It’s okay to make mistakes!
To have odd days!
To be less than perfect!
To do what’s best for you!
And most importantly, to be yourself!
Let’s begin with a story :
You are outside on a drive and suddenly you met with an accident, the first thing you will do is to reach out to the people for help, call an ambulance or your friend or relative who stays nearby. But, what do you do, when you are hit by mental -illness and wake up every day feeling low about yourself or your life? Most of the time, you proceed with your work and let it be, Why then no one reaches out for help from their closed ones?
It is sad to see that in the world that starts its day with social media and post almost everything from what they had for breakfast and even physical illness. But, there are a couple of things that stay no-no, and one of them is emotional well-being.
f we can’t see that, it’s not there. This is the biggest concern regarding mental health. No one can see it or recognize it easily and we often fail to recognize it in our close friends, relatives, or sometimes we are the ones who are suffering from this. But, why some people are not okay to talk about it openly? Why it’s a taboo?
Let’s discuss: Mental Health
As per the definition by WHO:
Mental health is the foundation for the well-being and effective functioning of individuals. It is more than the absence of a mental disorder; it is the ability to think, learn, and understand one’s emotions and the reactions of others. Mental health is a state of balance, both within and with the environment. Physical, psychological, social, cultural, spiritual, and other interrelated factors participate in producing this balance. There are inseparable links between mental and physical health.
The phrase “mental illness” is used in a very disparaging manner. But, when it comes to physical illness, no one describes someone by saying that he or she is physically ill.
The term physical illness has a broad meaning, some can have an eyesight issue, some can have serious knee problems, but we never group them all and define them as “physically ill”. Whereas when it comes to mental illness, we usually group them all and call them “mentally ill”(without really knowing about their problems and circumstances).
Mental health is not static, but a continuous process. It can change from time to time and there’s no end to it. Job issues, family problems, change in circumstances, changes in sleep patterns, stress, etc can have long or short-term impacts on mental health.
We need to normalize Mental-illness, to help everyone to reach their greatest potential. This can be done by identifying the problem at first and then helping them out to deal with it. No problem can be solved if neglected.
Spotting Mental Illness:
Mental illness is NOT like physical illness in which most of the things can be diagnosed just by looking or performing some tests. Though there are few symptoms which can help you know if there’s a mental illness. These symptoms aren’t the same for all, but there can be some common symptoms like :
- Feeling sad or low
- Not able to concentrate and sometimes confused thinking as well.
- Fears, worries, or feelings of guilt.
- Significant tiredness, difficulty in sleeping, or low energy.
- Withdrawal from friends and activities.
- Inability to cope with stress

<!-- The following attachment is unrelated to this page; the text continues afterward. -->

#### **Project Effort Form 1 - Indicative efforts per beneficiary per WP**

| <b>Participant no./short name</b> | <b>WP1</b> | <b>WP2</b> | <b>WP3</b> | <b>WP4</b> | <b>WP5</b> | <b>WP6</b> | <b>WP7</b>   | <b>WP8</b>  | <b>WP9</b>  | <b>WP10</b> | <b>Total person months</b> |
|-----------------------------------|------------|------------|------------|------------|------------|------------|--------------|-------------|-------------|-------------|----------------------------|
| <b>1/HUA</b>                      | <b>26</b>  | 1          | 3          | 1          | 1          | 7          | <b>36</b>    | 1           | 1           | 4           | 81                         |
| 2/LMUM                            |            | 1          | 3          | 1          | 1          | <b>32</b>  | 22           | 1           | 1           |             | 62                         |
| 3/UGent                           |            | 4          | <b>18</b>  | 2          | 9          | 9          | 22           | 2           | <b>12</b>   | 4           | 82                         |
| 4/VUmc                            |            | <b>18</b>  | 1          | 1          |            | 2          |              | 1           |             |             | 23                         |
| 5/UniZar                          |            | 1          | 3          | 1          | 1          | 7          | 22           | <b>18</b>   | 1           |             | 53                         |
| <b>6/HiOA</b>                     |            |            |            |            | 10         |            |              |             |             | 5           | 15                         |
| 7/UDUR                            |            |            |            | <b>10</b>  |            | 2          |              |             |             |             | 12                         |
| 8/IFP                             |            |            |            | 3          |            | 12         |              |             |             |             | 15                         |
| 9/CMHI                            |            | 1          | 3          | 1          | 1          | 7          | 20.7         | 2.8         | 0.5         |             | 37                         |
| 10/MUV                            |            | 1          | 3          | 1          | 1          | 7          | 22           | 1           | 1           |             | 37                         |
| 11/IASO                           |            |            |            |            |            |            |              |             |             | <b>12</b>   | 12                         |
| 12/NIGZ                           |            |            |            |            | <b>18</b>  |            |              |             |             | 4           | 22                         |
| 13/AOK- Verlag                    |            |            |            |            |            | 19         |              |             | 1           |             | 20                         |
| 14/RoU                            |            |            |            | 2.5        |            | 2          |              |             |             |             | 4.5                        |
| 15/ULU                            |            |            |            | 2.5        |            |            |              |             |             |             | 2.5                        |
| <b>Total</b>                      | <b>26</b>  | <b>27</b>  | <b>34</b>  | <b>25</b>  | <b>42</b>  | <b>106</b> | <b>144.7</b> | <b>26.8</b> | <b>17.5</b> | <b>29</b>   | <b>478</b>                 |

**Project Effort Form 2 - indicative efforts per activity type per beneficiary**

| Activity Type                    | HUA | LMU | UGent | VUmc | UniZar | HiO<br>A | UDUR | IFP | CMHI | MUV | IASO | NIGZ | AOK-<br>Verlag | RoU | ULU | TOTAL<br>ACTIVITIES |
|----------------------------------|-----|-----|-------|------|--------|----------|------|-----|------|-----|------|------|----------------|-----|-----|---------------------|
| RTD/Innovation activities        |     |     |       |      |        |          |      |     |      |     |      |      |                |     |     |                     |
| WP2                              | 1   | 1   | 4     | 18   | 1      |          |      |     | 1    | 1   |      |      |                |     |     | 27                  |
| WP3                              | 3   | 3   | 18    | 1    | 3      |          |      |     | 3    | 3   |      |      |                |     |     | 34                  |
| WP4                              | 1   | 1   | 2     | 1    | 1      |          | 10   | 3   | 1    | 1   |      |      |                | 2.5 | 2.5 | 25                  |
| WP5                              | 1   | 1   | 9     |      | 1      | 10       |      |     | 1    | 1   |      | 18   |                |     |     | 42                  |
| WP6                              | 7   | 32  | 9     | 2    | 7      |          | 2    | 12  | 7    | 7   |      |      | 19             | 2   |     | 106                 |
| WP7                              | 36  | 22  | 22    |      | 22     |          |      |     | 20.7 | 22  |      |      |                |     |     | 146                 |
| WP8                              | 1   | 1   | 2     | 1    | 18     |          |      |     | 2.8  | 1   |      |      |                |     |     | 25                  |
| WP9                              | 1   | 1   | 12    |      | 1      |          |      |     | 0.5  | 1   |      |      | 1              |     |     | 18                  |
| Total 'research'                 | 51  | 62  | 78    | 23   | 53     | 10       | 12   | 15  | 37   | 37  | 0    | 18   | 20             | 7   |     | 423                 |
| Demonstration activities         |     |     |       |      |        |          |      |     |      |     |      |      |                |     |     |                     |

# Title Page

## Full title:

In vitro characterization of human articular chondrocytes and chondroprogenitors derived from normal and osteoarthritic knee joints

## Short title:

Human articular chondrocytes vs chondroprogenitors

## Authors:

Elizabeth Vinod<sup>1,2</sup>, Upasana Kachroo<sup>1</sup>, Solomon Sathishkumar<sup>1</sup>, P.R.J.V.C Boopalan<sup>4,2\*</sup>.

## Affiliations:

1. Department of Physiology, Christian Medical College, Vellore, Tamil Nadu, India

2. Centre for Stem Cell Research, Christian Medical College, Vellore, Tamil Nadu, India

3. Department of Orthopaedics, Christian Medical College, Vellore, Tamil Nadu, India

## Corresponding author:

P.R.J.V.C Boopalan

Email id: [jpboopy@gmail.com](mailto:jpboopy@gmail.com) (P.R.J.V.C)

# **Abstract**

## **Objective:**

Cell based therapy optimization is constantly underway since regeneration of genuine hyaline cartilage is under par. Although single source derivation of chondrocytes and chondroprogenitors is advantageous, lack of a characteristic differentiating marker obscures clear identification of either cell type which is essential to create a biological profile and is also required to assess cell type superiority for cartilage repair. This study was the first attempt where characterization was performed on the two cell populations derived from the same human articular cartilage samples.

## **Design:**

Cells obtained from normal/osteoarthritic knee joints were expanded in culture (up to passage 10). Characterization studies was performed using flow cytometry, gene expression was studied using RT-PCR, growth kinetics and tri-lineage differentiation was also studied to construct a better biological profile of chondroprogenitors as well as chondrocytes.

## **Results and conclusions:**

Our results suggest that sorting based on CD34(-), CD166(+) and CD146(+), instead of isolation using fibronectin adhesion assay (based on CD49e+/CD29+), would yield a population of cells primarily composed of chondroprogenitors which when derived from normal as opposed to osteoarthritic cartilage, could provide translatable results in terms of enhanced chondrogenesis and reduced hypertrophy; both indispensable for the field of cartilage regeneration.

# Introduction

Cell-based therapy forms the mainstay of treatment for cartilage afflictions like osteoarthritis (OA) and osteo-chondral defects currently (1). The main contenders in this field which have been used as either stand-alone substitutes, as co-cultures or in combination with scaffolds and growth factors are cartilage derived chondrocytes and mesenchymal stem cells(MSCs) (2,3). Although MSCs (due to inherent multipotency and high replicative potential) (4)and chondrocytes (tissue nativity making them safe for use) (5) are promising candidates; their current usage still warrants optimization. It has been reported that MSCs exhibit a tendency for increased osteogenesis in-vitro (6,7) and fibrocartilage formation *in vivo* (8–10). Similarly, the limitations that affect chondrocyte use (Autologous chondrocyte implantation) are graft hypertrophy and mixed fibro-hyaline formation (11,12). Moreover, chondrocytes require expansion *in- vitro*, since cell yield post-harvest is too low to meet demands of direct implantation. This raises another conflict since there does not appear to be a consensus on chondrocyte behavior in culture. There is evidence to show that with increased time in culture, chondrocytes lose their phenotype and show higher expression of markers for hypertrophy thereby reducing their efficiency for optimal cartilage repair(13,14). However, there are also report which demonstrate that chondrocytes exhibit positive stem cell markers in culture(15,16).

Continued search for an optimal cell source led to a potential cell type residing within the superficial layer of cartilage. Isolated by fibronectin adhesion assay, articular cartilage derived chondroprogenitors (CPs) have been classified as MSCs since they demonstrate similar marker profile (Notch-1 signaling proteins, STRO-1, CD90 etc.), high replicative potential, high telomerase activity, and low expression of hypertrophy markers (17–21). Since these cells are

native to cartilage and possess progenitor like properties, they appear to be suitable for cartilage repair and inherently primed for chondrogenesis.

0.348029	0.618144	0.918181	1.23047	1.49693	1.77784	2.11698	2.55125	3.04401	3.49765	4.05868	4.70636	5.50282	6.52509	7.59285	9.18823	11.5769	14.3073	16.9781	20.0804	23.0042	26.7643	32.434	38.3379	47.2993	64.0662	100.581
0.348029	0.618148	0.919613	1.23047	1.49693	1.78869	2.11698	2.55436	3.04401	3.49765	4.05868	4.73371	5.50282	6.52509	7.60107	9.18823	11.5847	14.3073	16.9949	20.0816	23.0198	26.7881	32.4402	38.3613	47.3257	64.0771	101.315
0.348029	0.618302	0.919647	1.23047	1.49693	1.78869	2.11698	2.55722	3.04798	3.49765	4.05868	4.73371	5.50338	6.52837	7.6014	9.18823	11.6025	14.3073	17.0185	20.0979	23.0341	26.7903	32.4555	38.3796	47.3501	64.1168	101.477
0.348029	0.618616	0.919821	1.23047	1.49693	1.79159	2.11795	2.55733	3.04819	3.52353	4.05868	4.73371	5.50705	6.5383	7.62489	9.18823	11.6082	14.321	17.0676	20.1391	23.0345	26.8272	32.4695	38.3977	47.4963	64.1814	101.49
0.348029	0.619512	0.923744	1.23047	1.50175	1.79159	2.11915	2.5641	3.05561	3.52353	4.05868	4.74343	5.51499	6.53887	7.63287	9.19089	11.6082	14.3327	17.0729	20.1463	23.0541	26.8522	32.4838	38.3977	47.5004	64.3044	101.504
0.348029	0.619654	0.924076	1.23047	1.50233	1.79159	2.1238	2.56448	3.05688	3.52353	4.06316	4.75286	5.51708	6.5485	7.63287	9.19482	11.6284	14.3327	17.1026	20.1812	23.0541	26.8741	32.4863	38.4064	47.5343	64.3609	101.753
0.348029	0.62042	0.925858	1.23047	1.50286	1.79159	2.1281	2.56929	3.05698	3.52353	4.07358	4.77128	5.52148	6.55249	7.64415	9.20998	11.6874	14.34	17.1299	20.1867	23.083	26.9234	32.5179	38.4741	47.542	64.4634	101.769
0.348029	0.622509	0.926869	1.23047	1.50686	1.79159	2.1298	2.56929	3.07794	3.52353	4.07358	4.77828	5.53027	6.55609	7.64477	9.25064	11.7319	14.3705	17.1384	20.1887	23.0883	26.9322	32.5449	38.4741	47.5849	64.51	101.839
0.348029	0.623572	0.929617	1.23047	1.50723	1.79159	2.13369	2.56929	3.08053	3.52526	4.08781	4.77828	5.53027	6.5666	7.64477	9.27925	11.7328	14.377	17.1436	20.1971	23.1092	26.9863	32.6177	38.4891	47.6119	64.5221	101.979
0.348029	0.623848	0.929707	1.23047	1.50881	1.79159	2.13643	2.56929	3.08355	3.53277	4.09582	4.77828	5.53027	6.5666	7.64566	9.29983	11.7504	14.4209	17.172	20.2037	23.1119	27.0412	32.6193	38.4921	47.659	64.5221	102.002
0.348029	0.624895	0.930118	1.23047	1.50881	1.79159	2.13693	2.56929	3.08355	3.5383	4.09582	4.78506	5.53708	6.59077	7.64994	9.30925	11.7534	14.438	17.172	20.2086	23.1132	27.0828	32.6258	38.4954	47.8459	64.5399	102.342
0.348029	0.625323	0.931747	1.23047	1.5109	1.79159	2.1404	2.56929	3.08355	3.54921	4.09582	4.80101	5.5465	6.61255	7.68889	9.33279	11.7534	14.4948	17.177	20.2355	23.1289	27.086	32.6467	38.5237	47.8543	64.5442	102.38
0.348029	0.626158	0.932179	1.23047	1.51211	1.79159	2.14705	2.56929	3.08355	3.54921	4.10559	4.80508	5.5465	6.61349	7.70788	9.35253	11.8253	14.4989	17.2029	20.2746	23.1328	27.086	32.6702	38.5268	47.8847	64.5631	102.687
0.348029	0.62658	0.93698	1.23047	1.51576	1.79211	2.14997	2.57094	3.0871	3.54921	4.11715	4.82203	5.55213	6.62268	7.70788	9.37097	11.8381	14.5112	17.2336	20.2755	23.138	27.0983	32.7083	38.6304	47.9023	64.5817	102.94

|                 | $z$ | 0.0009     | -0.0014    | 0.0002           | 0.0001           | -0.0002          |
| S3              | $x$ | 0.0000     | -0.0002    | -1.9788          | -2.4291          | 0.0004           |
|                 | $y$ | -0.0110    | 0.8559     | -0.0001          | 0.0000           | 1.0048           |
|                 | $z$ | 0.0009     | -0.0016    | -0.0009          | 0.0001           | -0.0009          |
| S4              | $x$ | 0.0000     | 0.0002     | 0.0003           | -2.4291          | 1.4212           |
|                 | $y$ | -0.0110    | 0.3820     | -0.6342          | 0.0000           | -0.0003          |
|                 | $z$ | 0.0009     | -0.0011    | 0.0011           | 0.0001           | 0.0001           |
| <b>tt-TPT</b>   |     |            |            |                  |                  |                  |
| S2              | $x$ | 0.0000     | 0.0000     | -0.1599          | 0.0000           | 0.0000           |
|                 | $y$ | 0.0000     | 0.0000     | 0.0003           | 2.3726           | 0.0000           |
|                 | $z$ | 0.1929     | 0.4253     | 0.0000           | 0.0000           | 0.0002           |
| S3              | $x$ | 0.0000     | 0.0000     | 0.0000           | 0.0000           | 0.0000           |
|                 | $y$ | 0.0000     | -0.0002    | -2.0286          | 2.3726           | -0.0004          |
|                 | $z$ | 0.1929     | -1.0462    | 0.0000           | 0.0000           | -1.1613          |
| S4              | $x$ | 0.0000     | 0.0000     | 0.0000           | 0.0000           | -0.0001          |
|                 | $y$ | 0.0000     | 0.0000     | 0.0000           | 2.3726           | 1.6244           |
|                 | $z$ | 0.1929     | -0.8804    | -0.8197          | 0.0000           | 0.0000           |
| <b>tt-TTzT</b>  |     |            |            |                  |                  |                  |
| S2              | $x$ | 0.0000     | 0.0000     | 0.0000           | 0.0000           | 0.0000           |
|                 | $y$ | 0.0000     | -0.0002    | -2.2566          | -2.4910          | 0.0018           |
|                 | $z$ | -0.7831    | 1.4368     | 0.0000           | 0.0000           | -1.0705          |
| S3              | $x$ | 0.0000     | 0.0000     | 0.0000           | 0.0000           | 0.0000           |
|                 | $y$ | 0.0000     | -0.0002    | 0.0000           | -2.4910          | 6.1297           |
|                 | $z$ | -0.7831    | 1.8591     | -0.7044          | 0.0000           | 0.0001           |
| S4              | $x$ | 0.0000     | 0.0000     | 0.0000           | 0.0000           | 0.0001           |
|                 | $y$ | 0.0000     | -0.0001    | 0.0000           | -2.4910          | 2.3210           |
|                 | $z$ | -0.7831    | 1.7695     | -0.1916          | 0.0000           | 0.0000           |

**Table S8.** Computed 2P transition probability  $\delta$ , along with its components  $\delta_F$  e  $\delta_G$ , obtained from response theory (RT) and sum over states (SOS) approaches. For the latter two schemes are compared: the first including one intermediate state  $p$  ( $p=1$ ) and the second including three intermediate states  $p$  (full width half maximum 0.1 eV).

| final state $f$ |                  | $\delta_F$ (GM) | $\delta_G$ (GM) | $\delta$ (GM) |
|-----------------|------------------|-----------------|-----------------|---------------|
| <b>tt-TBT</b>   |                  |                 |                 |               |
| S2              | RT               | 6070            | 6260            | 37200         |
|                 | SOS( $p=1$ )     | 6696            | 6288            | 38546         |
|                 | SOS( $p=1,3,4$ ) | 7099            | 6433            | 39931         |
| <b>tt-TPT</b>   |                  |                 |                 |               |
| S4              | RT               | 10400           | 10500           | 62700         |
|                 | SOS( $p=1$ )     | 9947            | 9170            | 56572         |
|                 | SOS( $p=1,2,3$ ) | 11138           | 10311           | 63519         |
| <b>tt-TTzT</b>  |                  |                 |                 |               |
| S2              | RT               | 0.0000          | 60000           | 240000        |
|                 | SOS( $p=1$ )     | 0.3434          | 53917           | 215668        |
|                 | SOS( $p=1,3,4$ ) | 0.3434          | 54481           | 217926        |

- Suicidal thoughts
- Change in eating habits
- Extreme mood changes, excessive anger, etc.
Attempting to differentiate between what expected practices are and what may be the indications of mental illness isn’t always easy. There’s no simple test that can inform somebody as to whether there is a mental illness or if actions and thoughts might be the normal conduct of a person or a consequence of physical illness.
Children don’t have much ability to express their thoughts or emotions clearly, especially at a very young age. There’s a need to express this issue, as this can develop into the bigger issue later. Most of their symptoms are behavioral, like:
- Extreme concern or nervousness, for example, battling to keep away from bed or school and even the changes in their performance in school.
- Hyperactive conduct
- Successive bad dreams
- Frequent defiance or hostility.
- Successive temper tantrums
If there are so many symptoms of mental illness, Why is it not discussed like physical problems? Let’s dig into these problems:
With regards to emotional well-being, there is by all accounts a dread that discussing prevention in one way or another infers individuals with mental illness are to blame for their battles.
- Mental illness is seen as a taboo and no one wants to talk about it openly, because it might sound embarrassing.
- People will judge them (lack of understanding).
- It is not as common as physical illness and no one care about emotional wellbeing.
- Ignorance from the victim’s side, sometimes from their closed ones or sometimes even both.
- Not able to spot their illness.
A quick wrap up:
A big hug to everyone who came forward and shared their stories of mental illness. Their powerful stories are an inspiration for many and at least there’s a little change in perspective about mental illness. We need more such people to share their victories over the mental illness.
Going back to the case, where if you’ve been hit by a car and met an accident, no one will come and just say “C’mon, get over it!”. But people from mental illness are so familiar with these words. There’s a lack of understanding, which is most of the time responsible for this “important yet ignored” mental-illness.
We need to normalize this and make the world a happy place!
This section will be your mental health guide and we will be posting about the emotional well-being and tips to lead a happy healthy life. Stay tuned for more updates.
Let the best reach the maximum!